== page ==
The group suggested hiring as a spokesman an "extremely literate conservative African-American" who can argue that Mr. Obama misled the nation by presenting himself as what the proposal calls a "metrosexual, black Abe Lincoln."

Conservative attempts to deflect charges of race baiting by using minority spokespeople are really obvious, but it's still funny to see this kind of cynicism expressed so frankly. (You can read more on the Ricketts plan from my colleague Tim Murphy.)

The 2012 election was always going to be ugly, with Republicans looking to maximize their share of a shrinking white electorate and the Democrats increasingly dependent on their coalition of young urban whites and minorities. But the idea that, if not for McCain's honorable restraint, Americans would have voted against Obama is mostly a figment of the conservative imagination. A Pew study in 2008 found that a majority of Americans (including 50 percent of Republicans!) felt the media overcovered the Jeremiah Wright story. If that didn't destroy Obama in 2008, when he was still something of a unknown quantity, it won't work after four years of getting to know him. Everyone who could be convinced that Wright is the key to Obama's soul has already been convinced. 

The storyboards for the Wright ad, though, implicitly accept this. Instead of merely highlighting Wright, the ad actually adopts the Rush Limbaugh black revenge fantasy theory of the Obama presidency, namely that America's ongoing economic stagnation is not the result of an incorrect or inadequate response to the recession, but that it was deliberately engineered by Obama as payback against white people. Under this theory, Obama has deliberately nurtered the economic malaise—one that threatens his chances at a second term, led to higher levels of unemployment among non-whites than whites, and resulted in the evaporation of minority wealth gains—just to get back at whitey. Like the idea of Obama being an amalgamation of President Jimmy Carter and the Black Panther Party's Huey Newton, this deranged explanation collapses under the crushing weight of its own contradictions.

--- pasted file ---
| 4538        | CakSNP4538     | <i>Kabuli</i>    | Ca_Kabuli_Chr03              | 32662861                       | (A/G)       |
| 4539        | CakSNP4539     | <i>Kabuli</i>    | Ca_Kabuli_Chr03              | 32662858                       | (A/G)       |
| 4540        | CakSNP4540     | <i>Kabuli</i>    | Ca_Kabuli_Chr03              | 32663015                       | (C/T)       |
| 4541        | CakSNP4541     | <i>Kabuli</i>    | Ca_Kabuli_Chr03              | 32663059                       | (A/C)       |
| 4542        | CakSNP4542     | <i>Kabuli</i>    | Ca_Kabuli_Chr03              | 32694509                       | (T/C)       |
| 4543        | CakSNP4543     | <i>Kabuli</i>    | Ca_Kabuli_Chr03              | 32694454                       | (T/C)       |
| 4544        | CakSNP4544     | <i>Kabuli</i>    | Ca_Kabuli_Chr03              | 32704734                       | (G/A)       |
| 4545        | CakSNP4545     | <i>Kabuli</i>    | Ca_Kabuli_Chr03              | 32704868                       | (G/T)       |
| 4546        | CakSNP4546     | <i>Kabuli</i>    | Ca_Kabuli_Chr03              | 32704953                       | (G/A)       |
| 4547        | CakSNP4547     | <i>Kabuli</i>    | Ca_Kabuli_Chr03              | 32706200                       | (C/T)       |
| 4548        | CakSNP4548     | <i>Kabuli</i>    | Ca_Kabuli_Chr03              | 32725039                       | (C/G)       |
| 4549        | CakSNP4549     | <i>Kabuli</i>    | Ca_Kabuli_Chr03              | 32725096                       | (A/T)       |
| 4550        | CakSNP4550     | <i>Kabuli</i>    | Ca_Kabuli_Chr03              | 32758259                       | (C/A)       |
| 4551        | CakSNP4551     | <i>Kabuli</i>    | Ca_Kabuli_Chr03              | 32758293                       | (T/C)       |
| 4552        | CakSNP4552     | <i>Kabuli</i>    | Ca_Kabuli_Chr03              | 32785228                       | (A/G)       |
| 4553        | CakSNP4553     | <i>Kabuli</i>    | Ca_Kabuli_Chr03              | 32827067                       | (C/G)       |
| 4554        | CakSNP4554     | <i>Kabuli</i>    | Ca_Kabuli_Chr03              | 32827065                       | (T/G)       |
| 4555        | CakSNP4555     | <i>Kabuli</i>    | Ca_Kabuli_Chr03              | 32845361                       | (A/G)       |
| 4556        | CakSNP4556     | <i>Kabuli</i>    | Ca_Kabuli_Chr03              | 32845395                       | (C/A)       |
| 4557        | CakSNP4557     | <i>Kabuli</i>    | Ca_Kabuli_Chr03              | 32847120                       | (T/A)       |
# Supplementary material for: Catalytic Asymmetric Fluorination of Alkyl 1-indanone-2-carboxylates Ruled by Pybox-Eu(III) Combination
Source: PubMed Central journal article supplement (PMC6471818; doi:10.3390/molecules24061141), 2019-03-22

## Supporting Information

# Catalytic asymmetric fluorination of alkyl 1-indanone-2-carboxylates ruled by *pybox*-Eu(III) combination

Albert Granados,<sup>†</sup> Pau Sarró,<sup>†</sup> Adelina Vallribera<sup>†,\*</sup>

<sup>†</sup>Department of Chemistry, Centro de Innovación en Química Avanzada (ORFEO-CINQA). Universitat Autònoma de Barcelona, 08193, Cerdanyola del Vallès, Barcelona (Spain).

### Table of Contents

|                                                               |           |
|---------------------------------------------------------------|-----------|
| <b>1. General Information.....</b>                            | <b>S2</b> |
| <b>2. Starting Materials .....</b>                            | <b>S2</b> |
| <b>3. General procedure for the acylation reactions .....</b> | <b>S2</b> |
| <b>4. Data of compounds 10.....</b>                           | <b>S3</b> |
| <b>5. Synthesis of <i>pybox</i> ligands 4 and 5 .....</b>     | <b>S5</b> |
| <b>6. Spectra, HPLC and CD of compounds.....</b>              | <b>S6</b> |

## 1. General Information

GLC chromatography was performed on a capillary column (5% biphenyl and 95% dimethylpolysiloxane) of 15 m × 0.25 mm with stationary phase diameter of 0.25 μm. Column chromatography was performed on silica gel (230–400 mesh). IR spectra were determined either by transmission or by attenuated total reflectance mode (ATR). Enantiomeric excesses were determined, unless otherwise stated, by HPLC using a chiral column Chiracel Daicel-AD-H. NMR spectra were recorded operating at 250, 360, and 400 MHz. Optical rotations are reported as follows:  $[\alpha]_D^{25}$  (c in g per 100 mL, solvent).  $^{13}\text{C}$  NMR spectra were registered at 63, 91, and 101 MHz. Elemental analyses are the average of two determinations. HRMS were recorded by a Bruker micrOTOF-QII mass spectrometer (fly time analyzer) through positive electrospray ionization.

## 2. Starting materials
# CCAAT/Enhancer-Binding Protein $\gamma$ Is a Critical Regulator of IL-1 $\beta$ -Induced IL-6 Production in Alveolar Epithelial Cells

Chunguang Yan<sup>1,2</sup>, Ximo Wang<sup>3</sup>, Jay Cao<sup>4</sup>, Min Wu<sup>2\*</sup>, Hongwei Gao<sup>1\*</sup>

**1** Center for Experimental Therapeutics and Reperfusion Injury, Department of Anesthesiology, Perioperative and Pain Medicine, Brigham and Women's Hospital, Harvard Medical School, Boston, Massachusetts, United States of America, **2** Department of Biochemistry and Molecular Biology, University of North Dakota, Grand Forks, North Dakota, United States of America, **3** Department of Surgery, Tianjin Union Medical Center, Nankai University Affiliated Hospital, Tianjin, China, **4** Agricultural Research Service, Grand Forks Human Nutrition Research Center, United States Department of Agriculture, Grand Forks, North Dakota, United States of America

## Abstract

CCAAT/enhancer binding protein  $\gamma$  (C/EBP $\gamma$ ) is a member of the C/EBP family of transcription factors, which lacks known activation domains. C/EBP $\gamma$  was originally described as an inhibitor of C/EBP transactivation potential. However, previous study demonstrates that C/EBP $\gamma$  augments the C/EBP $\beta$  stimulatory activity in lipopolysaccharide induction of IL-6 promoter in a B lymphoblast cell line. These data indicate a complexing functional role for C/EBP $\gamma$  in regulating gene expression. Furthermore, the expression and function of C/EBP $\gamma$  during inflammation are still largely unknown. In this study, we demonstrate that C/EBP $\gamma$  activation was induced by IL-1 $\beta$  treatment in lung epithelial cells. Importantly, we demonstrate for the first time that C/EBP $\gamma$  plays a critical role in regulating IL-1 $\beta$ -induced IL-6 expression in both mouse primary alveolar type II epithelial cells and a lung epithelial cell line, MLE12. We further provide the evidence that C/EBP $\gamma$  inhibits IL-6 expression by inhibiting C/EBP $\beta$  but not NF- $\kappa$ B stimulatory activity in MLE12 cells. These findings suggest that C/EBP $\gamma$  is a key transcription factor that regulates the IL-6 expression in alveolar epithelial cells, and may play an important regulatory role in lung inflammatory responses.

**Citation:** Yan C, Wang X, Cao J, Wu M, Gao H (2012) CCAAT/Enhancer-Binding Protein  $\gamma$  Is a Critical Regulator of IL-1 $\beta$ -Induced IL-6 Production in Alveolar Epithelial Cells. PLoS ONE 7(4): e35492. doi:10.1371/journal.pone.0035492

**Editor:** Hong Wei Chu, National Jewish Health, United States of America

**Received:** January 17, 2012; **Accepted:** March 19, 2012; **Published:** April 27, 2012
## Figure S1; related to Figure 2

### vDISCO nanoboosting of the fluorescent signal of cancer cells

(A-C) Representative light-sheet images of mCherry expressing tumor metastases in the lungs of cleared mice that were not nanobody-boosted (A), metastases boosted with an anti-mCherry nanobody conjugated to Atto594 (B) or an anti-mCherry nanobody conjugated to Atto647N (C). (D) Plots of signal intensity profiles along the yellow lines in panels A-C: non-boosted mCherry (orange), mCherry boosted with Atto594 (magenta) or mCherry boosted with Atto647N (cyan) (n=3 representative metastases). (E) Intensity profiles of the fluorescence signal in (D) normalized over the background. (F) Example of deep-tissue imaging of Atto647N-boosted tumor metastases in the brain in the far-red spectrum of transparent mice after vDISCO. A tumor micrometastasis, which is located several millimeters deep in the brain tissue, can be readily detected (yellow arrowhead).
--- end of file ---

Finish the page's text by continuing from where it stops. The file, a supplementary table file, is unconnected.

Although the Internet will be forever grateful for the introduction of the term "black metrosexual Abraham Lincoln," the term really says everything about the twisted lens through which this group of Republican strategists understands race and masculinity. Put simply, the group is going to try to convince voters that Obama is the type of black man they cross the street to avoid. That didn't work in 2008, it's hard to see how anyone who wasn't already working from the same distorted understanding of race is going to buy it now. For all of America's lingering problems with race, racism just isn't the silver bullet. 

Adam Serwer is filling in while Kevin Drum is on vacation.

Joe Ricketts, Government Handout Hypocrite

| Thu May 17, 2012 9:16 AM EDT